Micah Bales asked a deep question. He suggests that the wealth in property we’ve inherited is hindering our work for social justice. He talks provocatively (as a spiritual challenge, he clarifies) about “burning the meetinghouse.” He asks, “What would happen if we put the movement of the Spirit ahead of property management?"
At Wild Goose, I was humbled to be among justice-seeking Christians seeking to follow in the footsteps of Jesus.
I see a deep connection between the personal practice of simple living and activism for social change. While I struggle to live justly, particularly in my everyday purchasing decisions (as Julie Clawson advises!), I often don't live as simply as I could. Sometimes I take shortcuts, going out for lunch, driving my car to work, or buying something to solve a problem that actually requires time I lack because of overcommitment.
Generally speaking, my generation is a practical generation, and I am challenged by my faith to be a practical person. Don't get me wrong: I love all verbal and theological things: story, theology, politics, and history, perhaps even inordinately.
But I believe in places. I believe that relationships, rooted in love, transform us. And it just so happens that most lasting human relationships are formed around the table.
In the Eucharist, the ordinary is made sacred. The original Eucharist tradition as recorded in the book of Acts and later Paul was a feast that united people of all incomes and races in a common purpose.
in Justice Unbound.
I do not know how to be a pastor. I’m an organizer. I organize the church for grassroots democracy, and sometimes I do pastor-like things, but I am a layperson.
Isaiah is an institutional reformer. He's a part of the priestly class. He's a part of the problem.
When I am faced with dishonesty and fraud on a systemic scale, I ask questions of God. But as I trace the origins of injustice, I am directed back towards humanity. The question becomes: what can we do to end injustice?
The Washington Post reported on the massive falsification of documents by banks:
"Employees at major banks who churned out fraudulent foreclosure documents, forged signatures, made up fake job titles and falsely notarized paperwork often did so at the behest of their superiors, according to a federal investigation released Tuesday.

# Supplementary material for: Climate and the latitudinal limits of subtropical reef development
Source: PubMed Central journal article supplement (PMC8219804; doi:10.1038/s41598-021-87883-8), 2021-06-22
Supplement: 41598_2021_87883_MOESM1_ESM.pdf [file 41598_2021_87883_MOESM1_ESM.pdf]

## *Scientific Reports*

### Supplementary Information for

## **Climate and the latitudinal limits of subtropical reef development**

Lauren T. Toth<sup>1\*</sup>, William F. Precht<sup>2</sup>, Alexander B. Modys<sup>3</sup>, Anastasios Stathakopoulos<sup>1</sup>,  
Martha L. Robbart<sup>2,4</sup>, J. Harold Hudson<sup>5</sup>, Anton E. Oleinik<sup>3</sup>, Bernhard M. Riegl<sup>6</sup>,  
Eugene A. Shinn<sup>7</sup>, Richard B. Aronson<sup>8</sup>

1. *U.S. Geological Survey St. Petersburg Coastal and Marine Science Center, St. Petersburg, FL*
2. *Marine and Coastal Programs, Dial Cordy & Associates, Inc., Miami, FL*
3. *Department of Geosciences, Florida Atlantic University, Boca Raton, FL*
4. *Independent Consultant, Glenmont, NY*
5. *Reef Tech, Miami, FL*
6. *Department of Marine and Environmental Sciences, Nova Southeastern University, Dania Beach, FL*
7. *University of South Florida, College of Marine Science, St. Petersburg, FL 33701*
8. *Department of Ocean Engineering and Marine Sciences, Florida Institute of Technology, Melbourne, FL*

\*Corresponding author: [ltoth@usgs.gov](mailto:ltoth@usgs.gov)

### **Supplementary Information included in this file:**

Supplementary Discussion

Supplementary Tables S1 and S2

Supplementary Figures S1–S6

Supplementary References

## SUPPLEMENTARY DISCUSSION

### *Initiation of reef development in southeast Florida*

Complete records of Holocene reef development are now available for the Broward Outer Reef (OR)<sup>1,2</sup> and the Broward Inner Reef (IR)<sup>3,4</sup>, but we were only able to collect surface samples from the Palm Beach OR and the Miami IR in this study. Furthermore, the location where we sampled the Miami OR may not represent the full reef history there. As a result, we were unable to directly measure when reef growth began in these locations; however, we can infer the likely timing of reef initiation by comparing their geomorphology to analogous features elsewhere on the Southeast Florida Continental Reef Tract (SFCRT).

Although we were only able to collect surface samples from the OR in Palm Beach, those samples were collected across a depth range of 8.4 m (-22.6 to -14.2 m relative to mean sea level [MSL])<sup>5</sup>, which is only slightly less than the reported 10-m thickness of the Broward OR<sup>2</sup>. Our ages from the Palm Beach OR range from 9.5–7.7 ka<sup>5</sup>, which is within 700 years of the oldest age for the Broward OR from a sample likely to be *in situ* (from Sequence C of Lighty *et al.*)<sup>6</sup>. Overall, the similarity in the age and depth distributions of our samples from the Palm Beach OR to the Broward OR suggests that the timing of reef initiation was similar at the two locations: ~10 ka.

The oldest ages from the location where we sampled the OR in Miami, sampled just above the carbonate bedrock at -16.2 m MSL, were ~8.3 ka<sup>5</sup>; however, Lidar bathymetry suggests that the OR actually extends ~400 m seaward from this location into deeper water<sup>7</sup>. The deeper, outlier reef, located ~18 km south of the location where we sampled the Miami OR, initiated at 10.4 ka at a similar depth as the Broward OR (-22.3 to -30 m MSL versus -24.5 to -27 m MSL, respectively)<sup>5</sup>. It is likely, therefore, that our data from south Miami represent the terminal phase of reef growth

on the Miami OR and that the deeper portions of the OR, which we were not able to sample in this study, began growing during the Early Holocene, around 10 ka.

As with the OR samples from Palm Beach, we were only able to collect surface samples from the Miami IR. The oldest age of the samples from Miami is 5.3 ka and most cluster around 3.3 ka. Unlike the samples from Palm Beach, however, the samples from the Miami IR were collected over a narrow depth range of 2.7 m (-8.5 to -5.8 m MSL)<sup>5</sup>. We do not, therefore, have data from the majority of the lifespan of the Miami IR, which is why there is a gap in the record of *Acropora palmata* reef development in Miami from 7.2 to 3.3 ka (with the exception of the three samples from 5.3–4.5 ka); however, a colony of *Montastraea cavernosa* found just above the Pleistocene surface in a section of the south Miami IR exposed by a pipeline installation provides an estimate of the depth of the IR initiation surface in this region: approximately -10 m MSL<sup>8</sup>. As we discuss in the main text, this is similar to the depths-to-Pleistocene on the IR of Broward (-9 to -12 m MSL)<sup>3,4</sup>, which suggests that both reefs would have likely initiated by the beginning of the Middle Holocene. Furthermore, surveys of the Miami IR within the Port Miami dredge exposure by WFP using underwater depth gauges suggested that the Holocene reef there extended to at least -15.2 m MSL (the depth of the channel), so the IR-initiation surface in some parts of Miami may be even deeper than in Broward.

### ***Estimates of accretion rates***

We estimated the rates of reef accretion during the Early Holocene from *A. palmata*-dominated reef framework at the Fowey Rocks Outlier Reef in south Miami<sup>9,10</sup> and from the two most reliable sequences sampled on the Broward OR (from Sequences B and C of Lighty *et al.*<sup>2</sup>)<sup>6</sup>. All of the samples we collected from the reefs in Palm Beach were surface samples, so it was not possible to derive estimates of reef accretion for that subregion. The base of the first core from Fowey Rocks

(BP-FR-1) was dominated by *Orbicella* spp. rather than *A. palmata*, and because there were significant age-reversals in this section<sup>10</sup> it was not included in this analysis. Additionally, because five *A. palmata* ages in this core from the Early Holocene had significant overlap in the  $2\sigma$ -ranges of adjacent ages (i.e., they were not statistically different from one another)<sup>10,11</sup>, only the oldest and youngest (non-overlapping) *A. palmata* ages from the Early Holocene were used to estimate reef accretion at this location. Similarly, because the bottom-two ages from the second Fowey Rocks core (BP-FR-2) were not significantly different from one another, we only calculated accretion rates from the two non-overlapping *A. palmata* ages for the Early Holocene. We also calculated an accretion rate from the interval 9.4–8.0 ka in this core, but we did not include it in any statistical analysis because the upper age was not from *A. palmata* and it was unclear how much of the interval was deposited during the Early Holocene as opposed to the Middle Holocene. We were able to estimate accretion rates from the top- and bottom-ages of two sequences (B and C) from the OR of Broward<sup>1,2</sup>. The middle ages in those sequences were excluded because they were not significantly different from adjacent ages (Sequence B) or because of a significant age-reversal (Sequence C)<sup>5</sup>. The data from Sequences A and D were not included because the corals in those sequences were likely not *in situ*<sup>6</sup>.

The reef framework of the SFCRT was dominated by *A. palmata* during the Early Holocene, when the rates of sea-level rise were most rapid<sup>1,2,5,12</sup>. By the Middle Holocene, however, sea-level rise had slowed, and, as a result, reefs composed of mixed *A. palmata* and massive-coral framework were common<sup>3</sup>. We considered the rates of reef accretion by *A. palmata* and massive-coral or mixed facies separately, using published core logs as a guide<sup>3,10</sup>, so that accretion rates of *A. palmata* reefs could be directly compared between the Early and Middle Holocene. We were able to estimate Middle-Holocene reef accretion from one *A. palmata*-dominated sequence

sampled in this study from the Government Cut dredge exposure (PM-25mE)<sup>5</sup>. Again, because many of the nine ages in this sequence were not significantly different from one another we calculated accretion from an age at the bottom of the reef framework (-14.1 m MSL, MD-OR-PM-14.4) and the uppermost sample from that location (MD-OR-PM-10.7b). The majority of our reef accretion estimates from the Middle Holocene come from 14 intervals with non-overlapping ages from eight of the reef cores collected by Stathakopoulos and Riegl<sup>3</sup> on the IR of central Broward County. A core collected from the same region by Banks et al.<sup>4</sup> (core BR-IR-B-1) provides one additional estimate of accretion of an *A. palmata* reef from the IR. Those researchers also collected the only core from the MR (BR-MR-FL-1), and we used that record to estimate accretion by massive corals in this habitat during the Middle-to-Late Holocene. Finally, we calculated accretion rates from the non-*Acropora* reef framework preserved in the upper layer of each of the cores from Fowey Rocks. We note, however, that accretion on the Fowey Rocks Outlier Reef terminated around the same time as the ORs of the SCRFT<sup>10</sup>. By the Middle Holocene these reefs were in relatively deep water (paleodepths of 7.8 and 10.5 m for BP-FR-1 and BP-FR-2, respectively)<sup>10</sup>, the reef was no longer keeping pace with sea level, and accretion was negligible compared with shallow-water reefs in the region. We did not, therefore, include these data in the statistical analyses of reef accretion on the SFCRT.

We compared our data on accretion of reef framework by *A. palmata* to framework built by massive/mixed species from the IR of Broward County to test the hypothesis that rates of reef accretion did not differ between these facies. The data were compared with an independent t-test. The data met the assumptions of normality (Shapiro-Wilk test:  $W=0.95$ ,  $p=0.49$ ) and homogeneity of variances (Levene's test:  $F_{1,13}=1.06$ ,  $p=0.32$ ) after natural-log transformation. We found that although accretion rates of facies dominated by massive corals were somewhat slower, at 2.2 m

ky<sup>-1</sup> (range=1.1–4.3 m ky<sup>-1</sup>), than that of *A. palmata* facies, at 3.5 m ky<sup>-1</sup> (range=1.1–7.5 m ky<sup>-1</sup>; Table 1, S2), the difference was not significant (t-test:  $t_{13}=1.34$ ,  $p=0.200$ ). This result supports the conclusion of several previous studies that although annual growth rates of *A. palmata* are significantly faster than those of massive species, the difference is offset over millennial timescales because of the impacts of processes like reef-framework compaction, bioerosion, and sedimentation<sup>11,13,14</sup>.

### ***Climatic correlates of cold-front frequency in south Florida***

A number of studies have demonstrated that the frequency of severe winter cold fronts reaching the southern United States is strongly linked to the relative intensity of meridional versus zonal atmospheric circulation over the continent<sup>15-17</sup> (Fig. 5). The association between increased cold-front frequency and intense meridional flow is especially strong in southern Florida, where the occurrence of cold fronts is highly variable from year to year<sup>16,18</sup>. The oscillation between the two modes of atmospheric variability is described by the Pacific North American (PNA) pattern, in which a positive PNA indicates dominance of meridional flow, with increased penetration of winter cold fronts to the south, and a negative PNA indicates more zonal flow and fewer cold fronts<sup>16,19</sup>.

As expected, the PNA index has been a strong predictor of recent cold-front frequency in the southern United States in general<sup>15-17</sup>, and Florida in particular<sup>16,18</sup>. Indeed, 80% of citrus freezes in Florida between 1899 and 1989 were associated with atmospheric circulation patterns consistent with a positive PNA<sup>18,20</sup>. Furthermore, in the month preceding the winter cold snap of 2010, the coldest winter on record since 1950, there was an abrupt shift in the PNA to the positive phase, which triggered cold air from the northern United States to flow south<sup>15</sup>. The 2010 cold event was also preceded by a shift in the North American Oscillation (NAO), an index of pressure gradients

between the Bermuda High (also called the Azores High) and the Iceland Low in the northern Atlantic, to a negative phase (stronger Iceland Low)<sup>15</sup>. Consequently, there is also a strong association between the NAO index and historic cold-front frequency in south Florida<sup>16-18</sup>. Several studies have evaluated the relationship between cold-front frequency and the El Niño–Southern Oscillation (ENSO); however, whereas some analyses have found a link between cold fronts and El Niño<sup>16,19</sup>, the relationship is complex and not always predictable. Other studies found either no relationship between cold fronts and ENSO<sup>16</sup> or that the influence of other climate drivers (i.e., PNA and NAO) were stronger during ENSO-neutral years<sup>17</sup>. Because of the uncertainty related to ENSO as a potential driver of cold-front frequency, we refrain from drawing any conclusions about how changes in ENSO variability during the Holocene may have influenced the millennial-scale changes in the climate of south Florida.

Sometimes, I think, church can be dis-empowering. If I were to try to put it into my own words, the church's project is to empower each person to open themselves to the river of the Holy Spirit which transforms and renews the whole person with a continual work of healing love which moves from the inner to the outer, transforming a person's personal, economic, and political relationships as well as their material place in the world.
Is that our normal experience of church? Is this how we feel transformed by our church experience?
Oh Lord, save your servant who trusts in you.
A prayer lifts up from the city, like the smoke of incense. A single prayer, in the myriad of others, a strand of smoke amidst a great burning.
Oh Lord, why do you stand far off? Why do you hide yourself in times of trouble? -Psalm 10
But God is listening. God hears the prayers of God's people.
The question is, are we listening? For God, who hears the prayers of his people, is calling us to listen as well. God's justice is a collective project.
Isaiah 58:3-24 "Is not this the fast that I choose:
to loose the bonds of injustice,
to undo the thongs of the yoke,
to let the oppressed go free,
and to break every yoke?
Is it not to share your bread with the hungry,
and bring the homeless poor into your house;
when you see the naked, to cover them,
and not to hide yourself from your own kin?"
How does a Christian live in a power-mad world? A world that, from the perspective of the Beatitudes, is upside down. A world where the poor are getting poorer, and the rich are getting richer? Where nature herself strains at her bonds: straining for release from the carbon blanket that presses against her too hotly, maddened by a thousand poison-filled wounds? Where thousands sit in furtive silence to create machines like the one on which I write, their hands gradually succumbing to a thousand repetitions, frozen and swollen?
What does it mean to be a Christian in a world that is crucifying the poor and the environment on the same cross?
Hear the prayers of the people. Hear, oh God, the prayers of the people.
copyright Bill Waterson
Originally posted on the Huffington Post
The occupation is like Jesus' parable, where a king invites all of his privileged, first-tier guests to the wedding. But nobody came. So the king takes the invitation out to the streets, inviting all who would come, the good, the bad, the homeless, and those with homes. And they came.
How long have we been comfortable in the 1st world church? Nourishing ourselves on the warm broth of prayer and fellowship, resting and gathering strength, singing worship songs that seek an inward peace from God, a strengthened personal faith.
How much time do we spend on theologies seeking to eradicate lust, or to be more grateful for what we have? How long have we spent on our morning devotions, alone?
As another time understood, "Idle hands are the devils playthings."
It is difficult for individualist-minded Christians to join a populist movement. This is because we want to intellectually assent, as we would to articles of faith, to the intellectual propositions of Occupy Wall Street. But popular movements are living, breathing entities.
When we join a political movement, like when we join the church, we gain brothers and sisters we are sometimes ashamed of. There are missionaries who we dislike, dogmas and creeds that we disagree with. But we are still part of the church, following Christ, for better of for worse.